In April 2017, Harbinger investigated a new type of electronic cigarette, the Juul, being found in the hands of a few students around the school. At this point in time, only 13 percent of East students could be found owning the device. But now, as the FDA has announced the usage of Juuls among minors as being an “epidemic,” 31 percent of students at East own a Juul of their own, going through an average of 2-3 pods a week.
In April of 2017, Haney confiscated the first Juul at East ever. Now, Haney confiscates one a day — with each catch coming with a two to three-day suspension.
In a press release issued Sept. 12, the FDA labelled Juuling as an epidemic, which is no mistake according to attorney Esfand Y. Nafisi, who is leading a class action lawsuit against Juul.
In the recent Harbinger poll of 345 students, 83.7 percent of them consider Juuling to be an epidemic.
According to the Center for Disease Control and Prevention, cigarette smoking declined among teens and middle schoolers from 2011 to 2017. Then Juul happened. According to a Jan. 9, 2018 report from the Campaign for Tobacco free kids, there were over 2.1 million youth e-cigarette users. Now, the teenage generation has been labelled Juul’s Guinea Pig Generation by the Public Health Law Center — and the long-term health effects are unknown.
According to Nick Clemons,* Juul is everywhere. Bathrooms, basement parties, parking lots. A normal hallway occurrence is to be asked, “Can I rip your Juul? Let’s meet in the bathroom in five.”
The FDA stated in a press release on Sept. 18 that about 80 percent of youth do not see great risk of harm from regular use of e-cigarettes. The FDA finds this to be “particularly alarming considering that harm perceptions can influence tobacco use behaviors.”
The long term effects of vaping are unknown — but the long term effects of nicotine aren’t. And one Juul pod, a replaceable cartridge filled with nicotine and flavorings, contains the same amount as an entire pack of cigarettes.
According to Dr. Nikki Nollen from the Department of Preventive Medicine at KU Medical Center, nicotine rewires the brain. Exposure to nicotine can damage brain development by disrupting and altering the growth and structure of the circuitry part of the brain that controls attention, learning and susceptibility to addiction, according to the Public Health Law Center.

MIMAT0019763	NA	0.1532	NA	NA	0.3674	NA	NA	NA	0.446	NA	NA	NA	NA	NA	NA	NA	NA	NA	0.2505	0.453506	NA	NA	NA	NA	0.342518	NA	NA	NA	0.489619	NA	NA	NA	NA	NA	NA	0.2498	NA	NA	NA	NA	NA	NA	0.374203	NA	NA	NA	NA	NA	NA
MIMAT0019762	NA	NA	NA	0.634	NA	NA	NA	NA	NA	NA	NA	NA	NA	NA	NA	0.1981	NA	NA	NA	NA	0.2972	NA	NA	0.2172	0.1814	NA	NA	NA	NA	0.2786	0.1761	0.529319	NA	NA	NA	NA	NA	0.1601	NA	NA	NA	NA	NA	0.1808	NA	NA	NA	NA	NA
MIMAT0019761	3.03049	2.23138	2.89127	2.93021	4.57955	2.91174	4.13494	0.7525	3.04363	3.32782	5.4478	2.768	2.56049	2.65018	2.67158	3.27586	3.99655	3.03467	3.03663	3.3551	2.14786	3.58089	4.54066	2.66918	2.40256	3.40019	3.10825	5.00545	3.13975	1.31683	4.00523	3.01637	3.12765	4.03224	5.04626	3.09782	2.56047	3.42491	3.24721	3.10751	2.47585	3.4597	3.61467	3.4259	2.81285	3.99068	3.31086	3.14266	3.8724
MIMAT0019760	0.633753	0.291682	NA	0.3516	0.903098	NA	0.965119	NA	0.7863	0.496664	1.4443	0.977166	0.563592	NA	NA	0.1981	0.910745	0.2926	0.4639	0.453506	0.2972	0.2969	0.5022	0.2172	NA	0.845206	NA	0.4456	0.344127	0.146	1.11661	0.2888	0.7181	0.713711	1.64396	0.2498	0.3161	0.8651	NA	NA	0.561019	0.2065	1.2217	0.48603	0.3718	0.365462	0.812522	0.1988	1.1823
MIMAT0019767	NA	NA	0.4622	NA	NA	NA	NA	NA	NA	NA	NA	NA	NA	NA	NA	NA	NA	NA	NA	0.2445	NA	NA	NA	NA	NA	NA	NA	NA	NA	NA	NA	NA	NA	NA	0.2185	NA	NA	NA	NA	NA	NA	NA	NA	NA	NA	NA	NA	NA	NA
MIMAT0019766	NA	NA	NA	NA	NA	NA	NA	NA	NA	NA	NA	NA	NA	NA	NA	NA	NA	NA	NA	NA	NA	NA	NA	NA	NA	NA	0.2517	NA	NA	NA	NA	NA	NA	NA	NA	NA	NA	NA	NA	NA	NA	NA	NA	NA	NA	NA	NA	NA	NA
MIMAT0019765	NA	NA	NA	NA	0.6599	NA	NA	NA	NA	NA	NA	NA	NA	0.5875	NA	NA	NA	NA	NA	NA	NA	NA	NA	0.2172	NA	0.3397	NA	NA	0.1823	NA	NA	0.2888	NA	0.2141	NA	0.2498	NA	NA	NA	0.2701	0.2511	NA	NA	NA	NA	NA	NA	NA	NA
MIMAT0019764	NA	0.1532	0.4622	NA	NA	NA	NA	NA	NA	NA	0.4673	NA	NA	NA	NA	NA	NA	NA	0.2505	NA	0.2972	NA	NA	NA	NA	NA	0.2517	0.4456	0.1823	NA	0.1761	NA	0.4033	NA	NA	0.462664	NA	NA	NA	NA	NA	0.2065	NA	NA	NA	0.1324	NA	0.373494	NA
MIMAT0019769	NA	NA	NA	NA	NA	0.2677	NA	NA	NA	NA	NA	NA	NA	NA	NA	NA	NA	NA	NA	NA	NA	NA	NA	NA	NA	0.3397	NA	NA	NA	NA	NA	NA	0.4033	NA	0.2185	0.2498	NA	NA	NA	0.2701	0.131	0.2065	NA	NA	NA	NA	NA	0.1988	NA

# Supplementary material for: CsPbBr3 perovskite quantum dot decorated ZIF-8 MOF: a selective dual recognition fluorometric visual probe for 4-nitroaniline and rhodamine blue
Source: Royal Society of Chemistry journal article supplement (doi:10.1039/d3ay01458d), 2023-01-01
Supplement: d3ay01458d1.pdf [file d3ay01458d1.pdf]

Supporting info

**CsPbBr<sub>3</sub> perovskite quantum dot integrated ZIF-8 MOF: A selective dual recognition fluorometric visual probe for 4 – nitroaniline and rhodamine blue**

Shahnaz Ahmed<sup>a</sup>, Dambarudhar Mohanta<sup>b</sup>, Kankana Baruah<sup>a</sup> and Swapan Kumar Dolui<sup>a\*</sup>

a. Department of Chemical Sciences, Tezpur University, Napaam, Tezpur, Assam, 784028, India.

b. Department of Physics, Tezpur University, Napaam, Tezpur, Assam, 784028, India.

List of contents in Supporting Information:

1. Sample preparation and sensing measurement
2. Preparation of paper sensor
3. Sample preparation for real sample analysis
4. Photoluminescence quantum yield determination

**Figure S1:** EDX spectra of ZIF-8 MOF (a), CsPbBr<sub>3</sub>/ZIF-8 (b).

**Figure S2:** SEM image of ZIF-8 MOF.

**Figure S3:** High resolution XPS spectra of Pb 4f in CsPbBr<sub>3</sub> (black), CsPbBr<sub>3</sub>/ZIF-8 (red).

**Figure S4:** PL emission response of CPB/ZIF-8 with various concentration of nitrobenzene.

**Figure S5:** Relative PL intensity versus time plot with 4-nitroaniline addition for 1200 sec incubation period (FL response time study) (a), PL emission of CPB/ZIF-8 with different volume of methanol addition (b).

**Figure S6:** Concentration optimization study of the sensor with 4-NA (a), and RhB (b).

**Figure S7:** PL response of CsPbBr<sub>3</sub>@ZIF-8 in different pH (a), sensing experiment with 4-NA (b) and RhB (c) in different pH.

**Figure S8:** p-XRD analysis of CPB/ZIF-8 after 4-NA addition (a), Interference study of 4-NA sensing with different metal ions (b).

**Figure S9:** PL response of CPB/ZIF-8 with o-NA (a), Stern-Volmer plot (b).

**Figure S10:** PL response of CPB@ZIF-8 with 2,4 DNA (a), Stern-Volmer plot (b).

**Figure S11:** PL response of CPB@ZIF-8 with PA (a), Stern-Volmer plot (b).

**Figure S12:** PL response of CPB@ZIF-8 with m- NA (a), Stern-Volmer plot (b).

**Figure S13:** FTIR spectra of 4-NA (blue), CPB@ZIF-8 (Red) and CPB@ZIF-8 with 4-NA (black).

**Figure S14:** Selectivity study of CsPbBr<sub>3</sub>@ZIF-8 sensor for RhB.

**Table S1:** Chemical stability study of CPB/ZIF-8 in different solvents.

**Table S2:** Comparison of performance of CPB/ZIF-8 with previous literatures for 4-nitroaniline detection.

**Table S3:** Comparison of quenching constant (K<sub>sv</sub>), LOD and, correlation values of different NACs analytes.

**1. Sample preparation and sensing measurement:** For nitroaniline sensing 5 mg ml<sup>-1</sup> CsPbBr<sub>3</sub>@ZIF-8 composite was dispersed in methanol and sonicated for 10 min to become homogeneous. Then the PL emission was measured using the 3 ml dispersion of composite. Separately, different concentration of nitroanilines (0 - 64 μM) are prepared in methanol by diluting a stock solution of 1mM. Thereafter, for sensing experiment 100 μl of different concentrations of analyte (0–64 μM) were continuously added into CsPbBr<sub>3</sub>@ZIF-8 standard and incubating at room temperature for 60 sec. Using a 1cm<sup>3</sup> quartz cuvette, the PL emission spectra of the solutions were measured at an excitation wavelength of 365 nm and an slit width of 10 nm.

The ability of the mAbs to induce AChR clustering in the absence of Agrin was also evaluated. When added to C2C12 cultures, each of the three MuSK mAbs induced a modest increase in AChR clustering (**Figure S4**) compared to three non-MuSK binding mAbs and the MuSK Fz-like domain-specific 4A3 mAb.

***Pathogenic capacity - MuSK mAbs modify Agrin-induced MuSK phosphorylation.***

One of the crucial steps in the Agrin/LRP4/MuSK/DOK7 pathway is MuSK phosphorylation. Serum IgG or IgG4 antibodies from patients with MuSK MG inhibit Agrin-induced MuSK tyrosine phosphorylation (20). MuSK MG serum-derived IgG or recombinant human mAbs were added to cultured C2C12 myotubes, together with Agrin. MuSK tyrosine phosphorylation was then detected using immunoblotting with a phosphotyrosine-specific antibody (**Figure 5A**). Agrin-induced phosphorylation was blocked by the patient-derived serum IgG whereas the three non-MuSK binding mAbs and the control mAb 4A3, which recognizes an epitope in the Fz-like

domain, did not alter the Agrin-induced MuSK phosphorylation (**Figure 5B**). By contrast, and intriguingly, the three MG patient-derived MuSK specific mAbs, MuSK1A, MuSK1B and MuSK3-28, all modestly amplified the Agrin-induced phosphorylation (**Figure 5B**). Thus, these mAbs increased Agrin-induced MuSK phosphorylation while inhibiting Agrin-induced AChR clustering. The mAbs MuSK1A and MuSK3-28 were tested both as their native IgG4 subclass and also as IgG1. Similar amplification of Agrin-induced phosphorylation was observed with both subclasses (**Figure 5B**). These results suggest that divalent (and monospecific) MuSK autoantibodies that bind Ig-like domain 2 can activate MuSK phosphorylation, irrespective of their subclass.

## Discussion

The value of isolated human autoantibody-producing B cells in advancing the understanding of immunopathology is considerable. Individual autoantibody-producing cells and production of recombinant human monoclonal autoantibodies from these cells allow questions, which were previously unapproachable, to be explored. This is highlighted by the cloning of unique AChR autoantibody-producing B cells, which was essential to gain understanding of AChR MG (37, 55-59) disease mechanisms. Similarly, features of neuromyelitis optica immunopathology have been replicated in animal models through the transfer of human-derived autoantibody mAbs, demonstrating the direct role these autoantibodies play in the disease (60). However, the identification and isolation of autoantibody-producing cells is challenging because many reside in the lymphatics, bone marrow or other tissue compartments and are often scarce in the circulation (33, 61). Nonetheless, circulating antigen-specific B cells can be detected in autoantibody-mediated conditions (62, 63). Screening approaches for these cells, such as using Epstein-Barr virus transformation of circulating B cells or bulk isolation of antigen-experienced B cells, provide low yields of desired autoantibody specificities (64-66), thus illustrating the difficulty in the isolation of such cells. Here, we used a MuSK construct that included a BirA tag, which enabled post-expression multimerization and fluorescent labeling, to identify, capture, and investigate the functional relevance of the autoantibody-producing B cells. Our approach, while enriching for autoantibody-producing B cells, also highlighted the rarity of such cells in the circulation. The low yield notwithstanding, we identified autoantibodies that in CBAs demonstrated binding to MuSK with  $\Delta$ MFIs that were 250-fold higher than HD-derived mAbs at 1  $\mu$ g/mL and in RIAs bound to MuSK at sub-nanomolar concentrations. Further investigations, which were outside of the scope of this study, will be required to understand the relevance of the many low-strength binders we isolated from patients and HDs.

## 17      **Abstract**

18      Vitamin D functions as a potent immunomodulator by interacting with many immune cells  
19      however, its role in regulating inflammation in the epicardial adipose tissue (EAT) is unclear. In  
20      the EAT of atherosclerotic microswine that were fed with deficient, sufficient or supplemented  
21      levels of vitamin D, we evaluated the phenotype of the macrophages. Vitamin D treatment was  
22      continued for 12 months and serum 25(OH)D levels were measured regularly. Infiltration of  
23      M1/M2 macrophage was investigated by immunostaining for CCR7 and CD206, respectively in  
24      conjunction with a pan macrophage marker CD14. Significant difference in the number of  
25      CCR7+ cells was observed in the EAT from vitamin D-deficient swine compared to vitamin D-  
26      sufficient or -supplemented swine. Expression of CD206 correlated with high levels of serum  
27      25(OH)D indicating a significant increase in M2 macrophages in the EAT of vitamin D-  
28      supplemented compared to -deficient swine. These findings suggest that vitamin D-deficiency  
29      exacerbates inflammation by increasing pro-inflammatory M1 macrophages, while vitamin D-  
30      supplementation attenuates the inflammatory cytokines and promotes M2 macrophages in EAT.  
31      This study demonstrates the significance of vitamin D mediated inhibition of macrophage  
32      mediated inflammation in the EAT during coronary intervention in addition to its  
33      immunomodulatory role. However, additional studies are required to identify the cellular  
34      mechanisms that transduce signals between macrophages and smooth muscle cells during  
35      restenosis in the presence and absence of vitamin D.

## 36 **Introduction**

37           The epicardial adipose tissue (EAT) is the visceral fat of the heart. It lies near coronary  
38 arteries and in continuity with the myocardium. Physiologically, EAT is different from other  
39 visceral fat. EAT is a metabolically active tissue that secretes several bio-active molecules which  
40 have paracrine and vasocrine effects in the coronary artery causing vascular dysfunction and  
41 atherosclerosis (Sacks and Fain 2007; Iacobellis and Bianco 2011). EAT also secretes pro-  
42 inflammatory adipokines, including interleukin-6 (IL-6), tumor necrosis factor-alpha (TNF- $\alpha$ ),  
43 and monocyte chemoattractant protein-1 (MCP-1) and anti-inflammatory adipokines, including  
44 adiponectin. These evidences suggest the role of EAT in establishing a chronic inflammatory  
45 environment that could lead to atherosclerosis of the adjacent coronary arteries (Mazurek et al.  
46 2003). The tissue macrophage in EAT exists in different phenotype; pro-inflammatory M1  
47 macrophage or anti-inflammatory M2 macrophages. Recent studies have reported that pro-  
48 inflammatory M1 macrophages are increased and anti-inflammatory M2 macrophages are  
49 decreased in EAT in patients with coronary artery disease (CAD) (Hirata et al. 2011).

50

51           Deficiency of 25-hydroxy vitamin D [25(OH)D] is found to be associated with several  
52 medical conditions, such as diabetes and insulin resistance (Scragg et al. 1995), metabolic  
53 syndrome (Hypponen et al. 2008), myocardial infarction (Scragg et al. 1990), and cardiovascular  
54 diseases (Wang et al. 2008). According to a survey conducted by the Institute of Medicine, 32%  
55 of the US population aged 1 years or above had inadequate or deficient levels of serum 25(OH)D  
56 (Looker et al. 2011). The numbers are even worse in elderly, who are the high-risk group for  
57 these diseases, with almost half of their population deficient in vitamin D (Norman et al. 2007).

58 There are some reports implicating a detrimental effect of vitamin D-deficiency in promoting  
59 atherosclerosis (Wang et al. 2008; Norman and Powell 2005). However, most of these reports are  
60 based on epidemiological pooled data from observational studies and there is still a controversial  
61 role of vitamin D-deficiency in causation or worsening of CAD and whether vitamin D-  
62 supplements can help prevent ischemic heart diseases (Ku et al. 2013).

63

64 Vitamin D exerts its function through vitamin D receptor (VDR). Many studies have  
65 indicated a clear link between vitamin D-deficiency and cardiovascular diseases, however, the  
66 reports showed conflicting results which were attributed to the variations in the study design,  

“Adolescents who would never use regular cigarettes are smoking Juul which is exposing these adolescents to pretty large amounts of nicotine,” Nollen said. “Nicotine by itself is a harmful drug, so we’re getting adolescents who would have not had any exposure to nicotine now getting exposed to nicotine.”
Nicotine also affects the heart rate and blood pressure. According to Pulmonary & Critical Care medicine doctor Scott Rawson, who works at Overland Park Regional Medical Center, there is no clear end point when Juuling — people will just Juul through a two hour movie and go through pods without considering nicotine intake. Opposed to the clear end point in cigarettes — there is an understanding of how many cigarettes have been smoked. Besides the effects of nicotine, he has also discovered “popcorn lung,” a type of pneumonia that causes intense inflammation that destroys lung tissue. He has been more frequently treating popcorn lung in teens, which is believed to be caused by the flavoring in Juuls and electronic cigarettes.
Rawson thinks we won’t be able to see the long term consequences of Juuling for another 15 to 20 years. The vast majority of his patients have stopped tobacco smoking, but he now fears for how much his patients are vaping in place of the cigarettes.
“We spent a generation trying to get people to stop smoking,” Rawson said. “And now I worry that we’re starting a new generation of new smokers. And so the smoking rate will actually go up.”
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